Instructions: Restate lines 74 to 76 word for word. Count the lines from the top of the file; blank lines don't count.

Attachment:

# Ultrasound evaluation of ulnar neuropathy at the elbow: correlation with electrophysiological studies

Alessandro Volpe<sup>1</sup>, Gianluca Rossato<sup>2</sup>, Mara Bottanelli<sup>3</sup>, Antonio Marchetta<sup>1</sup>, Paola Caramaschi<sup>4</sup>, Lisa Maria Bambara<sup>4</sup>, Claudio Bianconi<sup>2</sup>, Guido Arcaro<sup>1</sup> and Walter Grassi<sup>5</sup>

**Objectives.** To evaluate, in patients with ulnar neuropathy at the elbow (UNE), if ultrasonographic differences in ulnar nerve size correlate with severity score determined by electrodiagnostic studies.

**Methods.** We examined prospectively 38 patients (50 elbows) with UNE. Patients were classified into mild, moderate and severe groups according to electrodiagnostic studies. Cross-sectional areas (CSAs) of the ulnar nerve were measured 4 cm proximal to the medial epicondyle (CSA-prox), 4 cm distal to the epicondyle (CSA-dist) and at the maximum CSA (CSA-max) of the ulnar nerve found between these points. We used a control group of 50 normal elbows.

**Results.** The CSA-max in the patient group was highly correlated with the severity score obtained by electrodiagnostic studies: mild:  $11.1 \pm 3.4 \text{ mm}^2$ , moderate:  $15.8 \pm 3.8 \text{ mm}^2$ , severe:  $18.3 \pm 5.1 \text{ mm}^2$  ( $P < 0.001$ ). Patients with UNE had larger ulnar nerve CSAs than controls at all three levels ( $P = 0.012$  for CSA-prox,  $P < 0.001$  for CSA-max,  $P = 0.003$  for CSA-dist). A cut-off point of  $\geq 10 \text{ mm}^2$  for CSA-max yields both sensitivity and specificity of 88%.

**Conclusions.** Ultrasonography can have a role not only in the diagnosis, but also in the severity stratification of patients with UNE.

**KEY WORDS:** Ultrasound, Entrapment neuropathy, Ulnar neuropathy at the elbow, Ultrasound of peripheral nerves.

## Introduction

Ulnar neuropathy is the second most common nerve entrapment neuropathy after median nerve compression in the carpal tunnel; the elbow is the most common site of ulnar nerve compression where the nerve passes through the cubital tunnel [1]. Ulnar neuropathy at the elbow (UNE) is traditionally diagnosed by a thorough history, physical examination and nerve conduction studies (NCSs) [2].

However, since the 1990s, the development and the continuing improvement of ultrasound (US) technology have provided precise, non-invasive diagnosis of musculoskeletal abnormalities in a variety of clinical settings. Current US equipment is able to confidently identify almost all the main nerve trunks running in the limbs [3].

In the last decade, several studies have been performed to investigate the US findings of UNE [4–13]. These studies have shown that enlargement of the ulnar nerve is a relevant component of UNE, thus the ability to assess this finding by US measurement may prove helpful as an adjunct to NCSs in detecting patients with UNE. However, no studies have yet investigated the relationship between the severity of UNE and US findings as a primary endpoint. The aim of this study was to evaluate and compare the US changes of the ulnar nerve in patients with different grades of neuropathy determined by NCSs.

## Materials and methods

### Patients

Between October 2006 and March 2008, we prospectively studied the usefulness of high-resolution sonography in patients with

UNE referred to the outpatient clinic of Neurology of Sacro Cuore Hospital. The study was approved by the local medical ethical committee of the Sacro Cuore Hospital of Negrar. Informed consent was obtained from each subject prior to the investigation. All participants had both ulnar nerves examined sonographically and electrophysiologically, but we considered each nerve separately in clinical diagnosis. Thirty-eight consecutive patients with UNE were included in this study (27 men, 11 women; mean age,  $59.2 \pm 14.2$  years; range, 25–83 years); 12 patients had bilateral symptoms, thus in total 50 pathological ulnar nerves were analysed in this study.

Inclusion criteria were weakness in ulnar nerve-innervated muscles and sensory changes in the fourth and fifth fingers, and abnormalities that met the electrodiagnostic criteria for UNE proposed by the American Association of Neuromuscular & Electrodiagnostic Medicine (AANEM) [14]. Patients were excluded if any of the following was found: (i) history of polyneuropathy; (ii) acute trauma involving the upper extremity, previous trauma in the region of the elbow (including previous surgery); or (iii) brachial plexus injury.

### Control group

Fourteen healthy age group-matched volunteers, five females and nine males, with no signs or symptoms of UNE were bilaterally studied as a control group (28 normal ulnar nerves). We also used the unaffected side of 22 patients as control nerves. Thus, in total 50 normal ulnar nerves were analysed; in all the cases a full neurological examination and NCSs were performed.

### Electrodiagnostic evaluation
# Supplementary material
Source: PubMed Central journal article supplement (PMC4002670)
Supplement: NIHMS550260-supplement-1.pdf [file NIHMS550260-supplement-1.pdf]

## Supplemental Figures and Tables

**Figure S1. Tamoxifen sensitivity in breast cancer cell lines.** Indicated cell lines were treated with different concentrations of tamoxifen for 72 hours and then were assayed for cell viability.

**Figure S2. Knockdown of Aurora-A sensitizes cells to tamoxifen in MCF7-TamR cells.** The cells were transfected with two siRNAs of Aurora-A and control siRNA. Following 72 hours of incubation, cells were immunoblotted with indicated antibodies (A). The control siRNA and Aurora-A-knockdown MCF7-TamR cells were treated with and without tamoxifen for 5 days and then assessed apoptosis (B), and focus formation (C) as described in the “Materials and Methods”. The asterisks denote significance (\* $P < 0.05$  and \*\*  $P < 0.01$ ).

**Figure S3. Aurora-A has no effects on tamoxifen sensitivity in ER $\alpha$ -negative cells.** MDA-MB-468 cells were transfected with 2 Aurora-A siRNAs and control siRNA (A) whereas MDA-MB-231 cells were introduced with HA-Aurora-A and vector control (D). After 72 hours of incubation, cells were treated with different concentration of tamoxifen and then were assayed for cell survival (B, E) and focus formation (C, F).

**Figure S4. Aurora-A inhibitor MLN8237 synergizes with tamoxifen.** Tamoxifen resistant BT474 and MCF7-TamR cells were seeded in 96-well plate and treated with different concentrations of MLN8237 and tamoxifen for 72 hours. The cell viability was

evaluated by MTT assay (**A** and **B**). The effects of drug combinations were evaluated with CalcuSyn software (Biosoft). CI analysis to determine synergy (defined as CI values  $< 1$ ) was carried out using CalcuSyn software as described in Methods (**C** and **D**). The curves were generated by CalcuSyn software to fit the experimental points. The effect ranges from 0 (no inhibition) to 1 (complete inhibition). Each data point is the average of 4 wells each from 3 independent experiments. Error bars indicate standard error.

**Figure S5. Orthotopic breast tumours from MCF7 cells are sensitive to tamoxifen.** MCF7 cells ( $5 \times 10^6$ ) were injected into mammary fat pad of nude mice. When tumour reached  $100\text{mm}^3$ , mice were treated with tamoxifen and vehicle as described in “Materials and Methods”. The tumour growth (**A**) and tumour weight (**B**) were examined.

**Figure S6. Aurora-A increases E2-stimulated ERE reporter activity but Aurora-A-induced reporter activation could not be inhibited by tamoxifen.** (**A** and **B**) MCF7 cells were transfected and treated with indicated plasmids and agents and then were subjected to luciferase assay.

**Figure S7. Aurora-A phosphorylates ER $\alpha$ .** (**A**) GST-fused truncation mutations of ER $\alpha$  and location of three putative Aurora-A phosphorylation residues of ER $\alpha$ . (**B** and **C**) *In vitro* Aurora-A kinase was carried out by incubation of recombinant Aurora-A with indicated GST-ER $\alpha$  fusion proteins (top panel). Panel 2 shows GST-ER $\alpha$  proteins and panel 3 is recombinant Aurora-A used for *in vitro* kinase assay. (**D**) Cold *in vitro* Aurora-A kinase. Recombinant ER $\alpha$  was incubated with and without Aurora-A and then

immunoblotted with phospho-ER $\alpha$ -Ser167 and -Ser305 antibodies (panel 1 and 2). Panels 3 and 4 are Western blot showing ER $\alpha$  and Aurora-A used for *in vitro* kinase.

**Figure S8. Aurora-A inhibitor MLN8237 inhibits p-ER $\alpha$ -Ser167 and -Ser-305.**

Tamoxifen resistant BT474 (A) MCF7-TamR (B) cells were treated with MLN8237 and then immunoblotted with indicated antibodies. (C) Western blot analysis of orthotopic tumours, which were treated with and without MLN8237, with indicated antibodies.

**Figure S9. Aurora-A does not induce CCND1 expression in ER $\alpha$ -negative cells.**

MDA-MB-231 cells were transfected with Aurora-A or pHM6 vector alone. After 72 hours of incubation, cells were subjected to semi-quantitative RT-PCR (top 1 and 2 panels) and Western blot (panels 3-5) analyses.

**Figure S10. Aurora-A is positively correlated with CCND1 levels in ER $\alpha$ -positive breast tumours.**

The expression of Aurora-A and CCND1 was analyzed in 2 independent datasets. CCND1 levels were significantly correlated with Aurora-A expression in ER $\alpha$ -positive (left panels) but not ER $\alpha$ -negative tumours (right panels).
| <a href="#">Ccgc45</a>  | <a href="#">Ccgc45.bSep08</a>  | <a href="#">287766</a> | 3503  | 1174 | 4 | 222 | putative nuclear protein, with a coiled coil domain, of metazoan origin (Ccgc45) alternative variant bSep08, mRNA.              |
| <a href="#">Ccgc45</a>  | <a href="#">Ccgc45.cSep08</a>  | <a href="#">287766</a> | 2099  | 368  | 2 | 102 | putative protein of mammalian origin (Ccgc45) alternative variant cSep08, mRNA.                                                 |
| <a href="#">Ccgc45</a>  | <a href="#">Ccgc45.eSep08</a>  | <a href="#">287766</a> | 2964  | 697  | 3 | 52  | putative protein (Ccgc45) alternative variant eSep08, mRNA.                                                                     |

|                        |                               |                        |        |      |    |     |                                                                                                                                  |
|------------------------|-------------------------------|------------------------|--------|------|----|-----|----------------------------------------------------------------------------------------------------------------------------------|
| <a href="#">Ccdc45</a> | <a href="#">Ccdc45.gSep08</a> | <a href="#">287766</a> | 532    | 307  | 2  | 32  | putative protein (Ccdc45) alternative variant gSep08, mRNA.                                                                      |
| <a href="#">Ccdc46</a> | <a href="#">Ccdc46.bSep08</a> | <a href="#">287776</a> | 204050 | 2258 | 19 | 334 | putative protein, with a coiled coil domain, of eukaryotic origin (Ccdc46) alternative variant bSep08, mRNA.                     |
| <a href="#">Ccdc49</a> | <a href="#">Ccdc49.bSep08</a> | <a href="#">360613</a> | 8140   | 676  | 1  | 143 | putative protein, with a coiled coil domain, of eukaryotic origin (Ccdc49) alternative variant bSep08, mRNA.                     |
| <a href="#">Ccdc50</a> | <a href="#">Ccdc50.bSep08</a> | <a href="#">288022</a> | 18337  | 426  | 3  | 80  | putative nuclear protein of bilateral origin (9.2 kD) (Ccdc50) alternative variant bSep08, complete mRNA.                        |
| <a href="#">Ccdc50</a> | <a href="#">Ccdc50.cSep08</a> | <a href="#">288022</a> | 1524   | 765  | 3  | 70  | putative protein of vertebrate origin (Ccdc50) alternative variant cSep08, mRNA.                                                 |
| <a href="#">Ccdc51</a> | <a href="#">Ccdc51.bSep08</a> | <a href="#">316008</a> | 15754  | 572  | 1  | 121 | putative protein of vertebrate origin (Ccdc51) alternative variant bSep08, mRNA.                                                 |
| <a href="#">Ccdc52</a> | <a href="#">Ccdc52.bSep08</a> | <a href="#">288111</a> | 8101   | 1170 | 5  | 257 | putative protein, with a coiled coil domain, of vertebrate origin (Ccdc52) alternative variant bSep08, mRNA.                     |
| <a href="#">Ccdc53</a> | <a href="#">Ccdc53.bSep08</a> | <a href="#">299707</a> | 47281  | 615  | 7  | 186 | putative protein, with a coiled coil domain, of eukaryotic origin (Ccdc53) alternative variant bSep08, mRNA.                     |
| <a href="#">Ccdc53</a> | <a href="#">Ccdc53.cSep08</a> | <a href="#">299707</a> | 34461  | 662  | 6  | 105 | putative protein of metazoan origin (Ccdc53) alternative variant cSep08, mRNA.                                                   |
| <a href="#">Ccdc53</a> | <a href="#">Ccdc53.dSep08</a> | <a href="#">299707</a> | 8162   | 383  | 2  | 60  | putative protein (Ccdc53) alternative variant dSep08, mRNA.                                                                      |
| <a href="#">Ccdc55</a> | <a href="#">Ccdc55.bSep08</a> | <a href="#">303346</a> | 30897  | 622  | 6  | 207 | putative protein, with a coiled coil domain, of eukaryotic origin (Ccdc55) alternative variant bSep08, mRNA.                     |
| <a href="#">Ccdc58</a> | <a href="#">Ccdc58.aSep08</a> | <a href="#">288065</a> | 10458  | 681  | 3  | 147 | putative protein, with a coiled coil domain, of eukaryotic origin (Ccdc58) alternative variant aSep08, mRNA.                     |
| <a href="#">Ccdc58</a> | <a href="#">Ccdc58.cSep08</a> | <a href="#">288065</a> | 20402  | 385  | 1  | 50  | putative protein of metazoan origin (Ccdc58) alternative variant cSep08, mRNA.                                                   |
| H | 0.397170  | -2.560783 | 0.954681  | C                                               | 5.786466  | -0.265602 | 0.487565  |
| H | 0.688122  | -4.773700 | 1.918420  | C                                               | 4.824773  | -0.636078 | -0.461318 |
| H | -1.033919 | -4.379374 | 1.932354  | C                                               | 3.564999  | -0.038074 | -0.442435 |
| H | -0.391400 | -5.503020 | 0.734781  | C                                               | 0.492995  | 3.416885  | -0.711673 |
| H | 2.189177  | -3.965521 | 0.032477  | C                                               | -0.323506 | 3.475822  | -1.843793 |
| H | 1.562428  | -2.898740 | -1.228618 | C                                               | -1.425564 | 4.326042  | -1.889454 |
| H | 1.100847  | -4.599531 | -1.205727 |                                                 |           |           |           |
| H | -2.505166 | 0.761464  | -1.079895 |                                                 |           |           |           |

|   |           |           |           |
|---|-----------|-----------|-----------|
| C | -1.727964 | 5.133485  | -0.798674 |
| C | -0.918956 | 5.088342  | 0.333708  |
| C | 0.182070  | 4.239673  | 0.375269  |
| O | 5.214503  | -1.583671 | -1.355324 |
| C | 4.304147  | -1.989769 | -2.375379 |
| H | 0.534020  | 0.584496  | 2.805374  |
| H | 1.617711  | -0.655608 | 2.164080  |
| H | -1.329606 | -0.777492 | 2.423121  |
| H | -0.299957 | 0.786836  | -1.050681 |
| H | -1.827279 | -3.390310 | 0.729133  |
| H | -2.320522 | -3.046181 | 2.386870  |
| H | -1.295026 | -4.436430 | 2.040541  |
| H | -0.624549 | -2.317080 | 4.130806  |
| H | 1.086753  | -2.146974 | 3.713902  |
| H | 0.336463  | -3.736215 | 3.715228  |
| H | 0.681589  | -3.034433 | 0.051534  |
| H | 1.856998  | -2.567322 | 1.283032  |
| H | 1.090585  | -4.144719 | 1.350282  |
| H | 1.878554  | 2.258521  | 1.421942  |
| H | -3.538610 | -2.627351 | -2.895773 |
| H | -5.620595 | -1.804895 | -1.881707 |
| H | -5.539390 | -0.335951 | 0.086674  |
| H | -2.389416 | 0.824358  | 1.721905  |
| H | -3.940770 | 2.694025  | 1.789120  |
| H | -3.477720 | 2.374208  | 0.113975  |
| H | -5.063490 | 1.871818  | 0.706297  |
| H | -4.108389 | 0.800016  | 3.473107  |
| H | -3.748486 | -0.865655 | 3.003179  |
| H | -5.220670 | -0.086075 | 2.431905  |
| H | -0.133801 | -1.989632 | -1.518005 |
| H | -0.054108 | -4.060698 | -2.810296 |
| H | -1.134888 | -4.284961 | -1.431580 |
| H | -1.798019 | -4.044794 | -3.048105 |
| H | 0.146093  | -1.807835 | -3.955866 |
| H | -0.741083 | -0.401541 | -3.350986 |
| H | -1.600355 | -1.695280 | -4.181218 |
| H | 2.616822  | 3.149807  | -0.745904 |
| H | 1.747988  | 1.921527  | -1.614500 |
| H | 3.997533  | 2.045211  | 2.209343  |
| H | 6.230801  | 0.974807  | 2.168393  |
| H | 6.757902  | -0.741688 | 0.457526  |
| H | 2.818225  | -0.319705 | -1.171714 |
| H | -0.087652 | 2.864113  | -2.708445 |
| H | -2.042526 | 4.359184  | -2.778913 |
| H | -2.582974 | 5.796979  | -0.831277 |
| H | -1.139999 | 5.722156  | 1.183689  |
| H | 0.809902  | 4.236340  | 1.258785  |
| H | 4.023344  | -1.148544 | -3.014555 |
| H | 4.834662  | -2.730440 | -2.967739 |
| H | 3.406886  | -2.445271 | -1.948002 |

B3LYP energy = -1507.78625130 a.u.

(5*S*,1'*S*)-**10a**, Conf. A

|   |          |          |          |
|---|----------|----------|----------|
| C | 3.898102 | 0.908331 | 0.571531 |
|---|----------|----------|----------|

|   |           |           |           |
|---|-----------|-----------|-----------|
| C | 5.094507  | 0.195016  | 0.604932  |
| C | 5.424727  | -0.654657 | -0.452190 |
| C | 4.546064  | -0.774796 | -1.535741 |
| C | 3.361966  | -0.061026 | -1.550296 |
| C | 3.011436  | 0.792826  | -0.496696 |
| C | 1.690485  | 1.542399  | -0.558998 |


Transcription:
| H | -1.329606 | -0.777492 | 2.423121  |
| H | -0.299957 | 0.786836  | -1.050681 |
| H | -1.827279 | -3.390310 | 0.729133  |